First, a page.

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How the pandemic has proven to be the true test of friendship

We will never forget the people we craved during this pandemic, and how horribly we missed them.

Of the many trials, panics and miseries inflicted by this global pandemic, one of the most difficult of all, has been the wrenching separation we feel from our friends.

Yet the one thing I have yet to see suffer since Coronavirus entered our worlds almost two years ago, is friendship. It has proved itself the one beacon of hope during a time of hopelessness and uncertainty, a true marker of the brilliance of the human spirit.

Because the day-to-day reality of friendship has shifted so dramatically, it can seem like one more victim of Coronavirus, but it may have actually benefited from it. Our friendships in this age of global crisis have never felt more strange and yet simultaneously have never felt more vital, more heightened.

It is heartening to me that apps like House Party and Zoom exploded in 2020 and 2021, showing how desperate our real need for connection is.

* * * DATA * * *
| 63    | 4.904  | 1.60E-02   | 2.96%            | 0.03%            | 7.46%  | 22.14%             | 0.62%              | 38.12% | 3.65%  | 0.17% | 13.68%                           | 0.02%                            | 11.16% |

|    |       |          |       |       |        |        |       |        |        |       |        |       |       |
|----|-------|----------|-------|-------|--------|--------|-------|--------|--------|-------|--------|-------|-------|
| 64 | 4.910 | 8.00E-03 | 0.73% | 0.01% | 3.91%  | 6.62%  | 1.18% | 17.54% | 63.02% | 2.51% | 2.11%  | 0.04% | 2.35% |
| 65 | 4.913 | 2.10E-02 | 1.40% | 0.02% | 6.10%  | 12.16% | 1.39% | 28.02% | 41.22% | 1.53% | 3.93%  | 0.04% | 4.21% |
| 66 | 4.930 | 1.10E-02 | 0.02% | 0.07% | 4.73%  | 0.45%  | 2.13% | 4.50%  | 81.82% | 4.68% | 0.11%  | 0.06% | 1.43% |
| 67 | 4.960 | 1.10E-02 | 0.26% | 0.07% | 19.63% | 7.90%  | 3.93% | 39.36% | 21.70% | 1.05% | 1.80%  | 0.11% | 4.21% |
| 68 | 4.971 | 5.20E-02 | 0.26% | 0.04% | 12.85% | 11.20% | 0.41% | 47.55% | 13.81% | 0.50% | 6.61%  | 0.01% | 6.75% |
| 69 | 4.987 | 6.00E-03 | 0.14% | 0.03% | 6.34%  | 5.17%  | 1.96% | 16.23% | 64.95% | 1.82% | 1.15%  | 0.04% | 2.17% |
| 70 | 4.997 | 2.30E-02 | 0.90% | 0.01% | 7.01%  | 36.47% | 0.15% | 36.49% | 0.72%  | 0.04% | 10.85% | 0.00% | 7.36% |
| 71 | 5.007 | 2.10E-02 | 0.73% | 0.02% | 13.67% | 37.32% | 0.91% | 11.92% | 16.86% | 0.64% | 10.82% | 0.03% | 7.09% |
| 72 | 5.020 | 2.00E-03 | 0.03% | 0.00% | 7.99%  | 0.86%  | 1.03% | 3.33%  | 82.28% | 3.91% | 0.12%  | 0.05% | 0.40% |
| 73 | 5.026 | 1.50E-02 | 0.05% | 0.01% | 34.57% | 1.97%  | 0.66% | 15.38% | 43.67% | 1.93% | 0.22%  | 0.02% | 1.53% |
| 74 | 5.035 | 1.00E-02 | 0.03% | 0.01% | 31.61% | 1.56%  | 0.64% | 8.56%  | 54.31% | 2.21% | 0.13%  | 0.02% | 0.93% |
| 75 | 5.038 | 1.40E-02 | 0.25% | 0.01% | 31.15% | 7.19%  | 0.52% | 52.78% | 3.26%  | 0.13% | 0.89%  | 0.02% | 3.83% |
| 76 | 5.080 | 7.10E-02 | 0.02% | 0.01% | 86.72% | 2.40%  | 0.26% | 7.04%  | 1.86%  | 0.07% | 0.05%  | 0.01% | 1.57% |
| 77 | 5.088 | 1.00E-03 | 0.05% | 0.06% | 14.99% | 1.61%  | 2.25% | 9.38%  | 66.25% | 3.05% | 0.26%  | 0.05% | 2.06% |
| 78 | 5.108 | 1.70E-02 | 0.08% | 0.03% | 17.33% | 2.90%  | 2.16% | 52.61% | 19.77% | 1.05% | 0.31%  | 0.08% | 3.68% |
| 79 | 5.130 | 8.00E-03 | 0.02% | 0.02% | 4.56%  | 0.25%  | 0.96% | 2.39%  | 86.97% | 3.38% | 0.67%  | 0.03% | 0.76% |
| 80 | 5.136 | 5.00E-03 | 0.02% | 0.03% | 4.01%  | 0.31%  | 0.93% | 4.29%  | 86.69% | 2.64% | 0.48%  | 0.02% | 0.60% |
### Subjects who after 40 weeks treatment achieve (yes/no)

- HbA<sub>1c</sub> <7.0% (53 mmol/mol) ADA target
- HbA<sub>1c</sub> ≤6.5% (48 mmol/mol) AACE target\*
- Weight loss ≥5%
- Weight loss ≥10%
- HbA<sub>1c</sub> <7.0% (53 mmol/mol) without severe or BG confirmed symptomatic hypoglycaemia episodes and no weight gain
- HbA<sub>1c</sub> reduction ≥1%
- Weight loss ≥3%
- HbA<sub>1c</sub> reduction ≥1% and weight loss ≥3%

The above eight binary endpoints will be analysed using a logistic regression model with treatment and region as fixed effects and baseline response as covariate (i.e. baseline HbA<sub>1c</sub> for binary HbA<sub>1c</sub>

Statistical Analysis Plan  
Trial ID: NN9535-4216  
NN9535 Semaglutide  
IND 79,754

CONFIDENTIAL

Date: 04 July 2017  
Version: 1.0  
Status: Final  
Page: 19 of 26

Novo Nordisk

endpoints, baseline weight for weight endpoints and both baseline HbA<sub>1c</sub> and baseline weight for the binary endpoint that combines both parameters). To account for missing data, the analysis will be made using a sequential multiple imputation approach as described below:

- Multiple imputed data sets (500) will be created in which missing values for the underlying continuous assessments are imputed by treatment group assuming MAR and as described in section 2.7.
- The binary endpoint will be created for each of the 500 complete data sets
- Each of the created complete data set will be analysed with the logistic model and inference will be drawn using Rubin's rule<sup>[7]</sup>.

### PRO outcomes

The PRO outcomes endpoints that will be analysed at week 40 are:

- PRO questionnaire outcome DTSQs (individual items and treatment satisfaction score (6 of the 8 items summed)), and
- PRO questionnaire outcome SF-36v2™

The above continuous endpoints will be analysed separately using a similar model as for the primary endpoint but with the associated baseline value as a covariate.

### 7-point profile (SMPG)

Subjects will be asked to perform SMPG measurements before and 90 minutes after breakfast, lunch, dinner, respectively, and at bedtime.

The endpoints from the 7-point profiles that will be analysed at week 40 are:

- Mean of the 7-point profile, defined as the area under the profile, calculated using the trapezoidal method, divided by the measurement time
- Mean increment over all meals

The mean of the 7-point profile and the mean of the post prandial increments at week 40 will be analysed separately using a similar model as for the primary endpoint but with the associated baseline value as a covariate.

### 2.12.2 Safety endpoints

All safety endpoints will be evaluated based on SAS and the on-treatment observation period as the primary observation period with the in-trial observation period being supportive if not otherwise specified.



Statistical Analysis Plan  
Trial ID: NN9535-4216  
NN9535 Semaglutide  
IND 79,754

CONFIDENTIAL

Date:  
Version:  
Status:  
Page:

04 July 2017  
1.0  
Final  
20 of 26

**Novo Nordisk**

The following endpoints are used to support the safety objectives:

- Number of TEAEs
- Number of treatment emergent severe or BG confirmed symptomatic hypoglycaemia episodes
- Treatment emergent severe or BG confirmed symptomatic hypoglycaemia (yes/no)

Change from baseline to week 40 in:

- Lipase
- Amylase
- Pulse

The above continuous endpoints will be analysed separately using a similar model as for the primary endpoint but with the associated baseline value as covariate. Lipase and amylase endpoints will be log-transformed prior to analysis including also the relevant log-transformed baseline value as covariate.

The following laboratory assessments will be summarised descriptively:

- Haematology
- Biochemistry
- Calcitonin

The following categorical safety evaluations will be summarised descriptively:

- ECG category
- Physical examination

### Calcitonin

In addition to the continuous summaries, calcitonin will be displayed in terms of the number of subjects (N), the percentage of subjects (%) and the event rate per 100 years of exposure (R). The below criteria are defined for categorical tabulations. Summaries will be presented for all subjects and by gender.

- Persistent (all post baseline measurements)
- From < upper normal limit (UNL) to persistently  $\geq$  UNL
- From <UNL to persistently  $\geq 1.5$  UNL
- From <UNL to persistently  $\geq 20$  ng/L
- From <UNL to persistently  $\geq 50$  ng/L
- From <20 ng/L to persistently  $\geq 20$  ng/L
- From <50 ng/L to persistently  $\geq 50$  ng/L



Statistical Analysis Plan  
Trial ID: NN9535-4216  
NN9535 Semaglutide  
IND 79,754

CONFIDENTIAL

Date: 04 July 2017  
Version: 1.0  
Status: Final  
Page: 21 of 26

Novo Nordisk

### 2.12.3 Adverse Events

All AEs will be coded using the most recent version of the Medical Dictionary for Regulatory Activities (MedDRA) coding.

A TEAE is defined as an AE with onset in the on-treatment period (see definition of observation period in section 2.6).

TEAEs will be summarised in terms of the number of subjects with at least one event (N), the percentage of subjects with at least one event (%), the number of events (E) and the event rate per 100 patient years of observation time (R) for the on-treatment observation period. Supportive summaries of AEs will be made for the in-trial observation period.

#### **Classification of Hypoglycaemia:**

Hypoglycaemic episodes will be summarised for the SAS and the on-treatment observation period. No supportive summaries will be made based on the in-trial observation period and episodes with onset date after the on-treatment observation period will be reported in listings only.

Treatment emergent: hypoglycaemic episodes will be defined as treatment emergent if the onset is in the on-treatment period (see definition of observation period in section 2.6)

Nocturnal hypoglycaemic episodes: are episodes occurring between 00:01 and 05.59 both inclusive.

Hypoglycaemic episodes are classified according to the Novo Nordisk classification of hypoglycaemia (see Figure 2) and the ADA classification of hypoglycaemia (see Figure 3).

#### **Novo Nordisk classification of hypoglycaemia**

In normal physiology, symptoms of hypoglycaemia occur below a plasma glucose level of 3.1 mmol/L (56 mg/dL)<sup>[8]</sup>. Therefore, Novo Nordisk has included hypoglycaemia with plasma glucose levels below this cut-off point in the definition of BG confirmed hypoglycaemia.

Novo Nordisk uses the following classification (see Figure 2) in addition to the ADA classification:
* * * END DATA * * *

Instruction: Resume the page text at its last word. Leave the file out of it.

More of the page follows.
Many social networking sites have promised this form of connection before - from Facebook to Instagram - but it took a pandemic for us to actually want to connect with people, face to face, with effort and eye contact and real emotion.

We saw real sincerity creep into all our friendships. “Can’t wait to see your face soon” often felt like a trite sign off to emails or messages with friends when, in fact, I probably could wait, might even be lazy and not see them for weeks.

Since the pandemic, it is loaded and weighty. I want to see your face, very desperately, in fact – let's have a face-to-face chat now – at 3pm, during a work day. In January 2022, this is a stark reminder of the loneliness of lockdowns past.

Many of us spent Christmas separated from our loved ones – again – due to the ceaseless wave of Omicron, and as the working from home order looks set to stay, it's not just our childhood friends we're missing, but our work friends, too.

Coronavirus has caused friendships to evolve and it has also proven an interesting development within social circles.